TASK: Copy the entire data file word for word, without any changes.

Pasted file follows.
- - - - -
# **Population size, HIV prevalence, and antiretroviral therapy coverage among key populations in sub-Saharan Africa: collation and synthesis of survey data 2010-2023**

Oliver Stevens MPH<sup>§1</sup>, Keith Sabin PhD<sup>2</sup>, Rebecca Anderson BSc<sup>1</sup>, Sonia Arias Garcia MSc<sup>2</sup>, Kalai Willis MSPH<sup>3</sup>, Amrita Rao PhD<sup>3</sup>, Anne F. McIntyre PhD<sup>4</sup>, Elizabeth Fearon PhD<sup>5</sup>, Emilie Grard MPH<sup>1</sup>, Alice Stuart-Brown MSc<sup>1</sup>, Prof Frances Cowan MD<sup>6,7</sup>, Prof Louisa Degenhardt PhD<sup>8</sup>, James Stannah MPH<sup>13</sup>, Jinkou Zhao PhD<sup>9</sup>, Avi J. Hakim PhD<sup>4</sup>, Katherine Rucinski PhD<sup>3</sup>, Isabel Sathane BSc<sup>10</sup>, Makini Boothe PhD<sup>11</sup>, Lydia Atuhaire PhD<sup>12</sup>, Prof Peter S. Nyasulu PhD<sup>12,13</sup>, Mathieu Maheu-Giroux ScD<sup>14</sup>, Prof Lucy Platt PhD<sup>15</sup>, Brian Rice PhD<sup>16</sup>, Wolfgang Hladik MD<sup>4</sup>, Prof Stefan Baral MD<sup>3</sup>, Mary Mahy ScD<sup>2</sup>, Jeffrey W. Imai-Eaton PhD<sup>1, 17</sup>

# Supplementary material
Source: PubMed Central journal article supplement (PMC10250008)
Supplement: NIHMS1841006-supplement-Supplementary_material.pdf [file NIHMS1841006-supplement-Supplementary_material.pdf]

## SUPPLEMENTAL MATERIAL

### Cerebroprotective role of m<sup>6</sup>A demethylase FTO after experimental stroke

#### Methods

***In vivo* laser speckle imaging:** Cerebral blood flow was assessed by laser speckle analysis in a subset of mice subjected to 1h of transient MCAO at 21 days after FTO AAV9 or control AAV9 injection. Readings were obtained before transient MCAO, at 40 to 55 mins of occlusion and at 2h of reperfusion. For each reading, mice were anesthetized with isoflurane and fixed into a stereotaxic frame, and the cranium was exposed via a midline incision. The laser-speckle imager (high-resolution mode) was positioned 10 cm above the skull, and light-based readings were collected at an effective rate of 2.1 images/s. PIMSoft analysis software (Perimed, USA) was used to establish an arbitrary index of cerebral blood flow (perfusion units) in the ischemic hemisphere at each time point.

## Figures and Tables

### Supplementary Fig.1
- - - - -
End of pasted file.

# **Population size, HIV prevalence, and antiretroviral therapy coverage among key populations in sub-Saharan Africa: collation and synthesis of survey data 2010-2023**

Oliver Stevens MPH<sup>§1</sup>, Keith Sabin PhD<sup>2</sup>, Rebecca Anderson BSc<sup>1</sup>, Sonia Arias Garcia MSc<sup>2</sup>, Kalai Willis MSPH<sup>3</sup>, Amrita Rao PhD<sup>3</sup>, Anne F. McIntyre PhD<sup>4</sup>, Elizabeth Fearon PhD<sup>5</sup>, Emilie Grard MPH<sup>1</sup>, Alice Stuart-Brown MSc<sup>1</sup>, Prof Frances Cowan MD<sup>6,7</sup>, Prof Louisa Degenhardt PhD<sup>8</sup>, James Stannah MPH<sup>13</sup>, Jinkou Zhao PhD<sup>9</sup>, Avi J. Hakim PhD<sup>4</sup>, Katherine Rucinski PhD<sup>3</sup>, Isabel Sathane BSc<sup>10</sup>, Makini Boothe PhD<sup>11</sup>, Lydia Atuhaire PhD<sup>12</sup>, Prof Peter S. Nyasulu PhD<sup>12,13</sup>, Mathieu Maheu-Giroux ScD<sup>14</sup>, Prof Lucy Platt PhD<sup>15</sup>, Brian Rice PhD<sup>16</sup>, Wolfgang Hladik MD<sup>4</sup>, Prof Stefan Baral MD<sup>3</sup>, Mary Mahy ScD<sup>2</sup>, Jeffrey W. Imai-Eaton PhD<sup>1, 17</sup>

# Supplementary material
Source: PubMed Central journal article supplement (PMC10250008)
Supplement: NIHMS1841006-supplement-Supplementary_material.pdf [file NIHMS1841006-supplement-Supplementary_material.pdf]

## SUPPLEMENTAL MATERIAL

### Cerebroprotective role of m<sup>6</sup>A demethylase FTO after experimental stroke

#### Methods

***In vivo* laser speckle imaging:** Cerebral blood flow was assessed by laser speckle analysis in a subset of mice subjected to 1h of transient MCAO at 21 days after FTO AAV9 or control AAV9 injection. Readings were obtained before transient MCAO, at 40 to 55 mins of occlusion and at 2h of reperfusion. For each reading, mice were anesthetized with isoflurane and fixed into a stereotaxic frame, and the cranium was exposed via a midline incision. The laser-speckle imager (high-resolution mode) was positioned 10 cm above the skull, and light-based readings were collected at an effective rate of 2.1 images/s. PIMSoft analysis software (Perimed, USA) was used to establish an arbitrary index of cerebral blood flow (perfusion units) in the ischemic hemisphere at each time point.

## Figures and Tables

### Supplementary Fig.1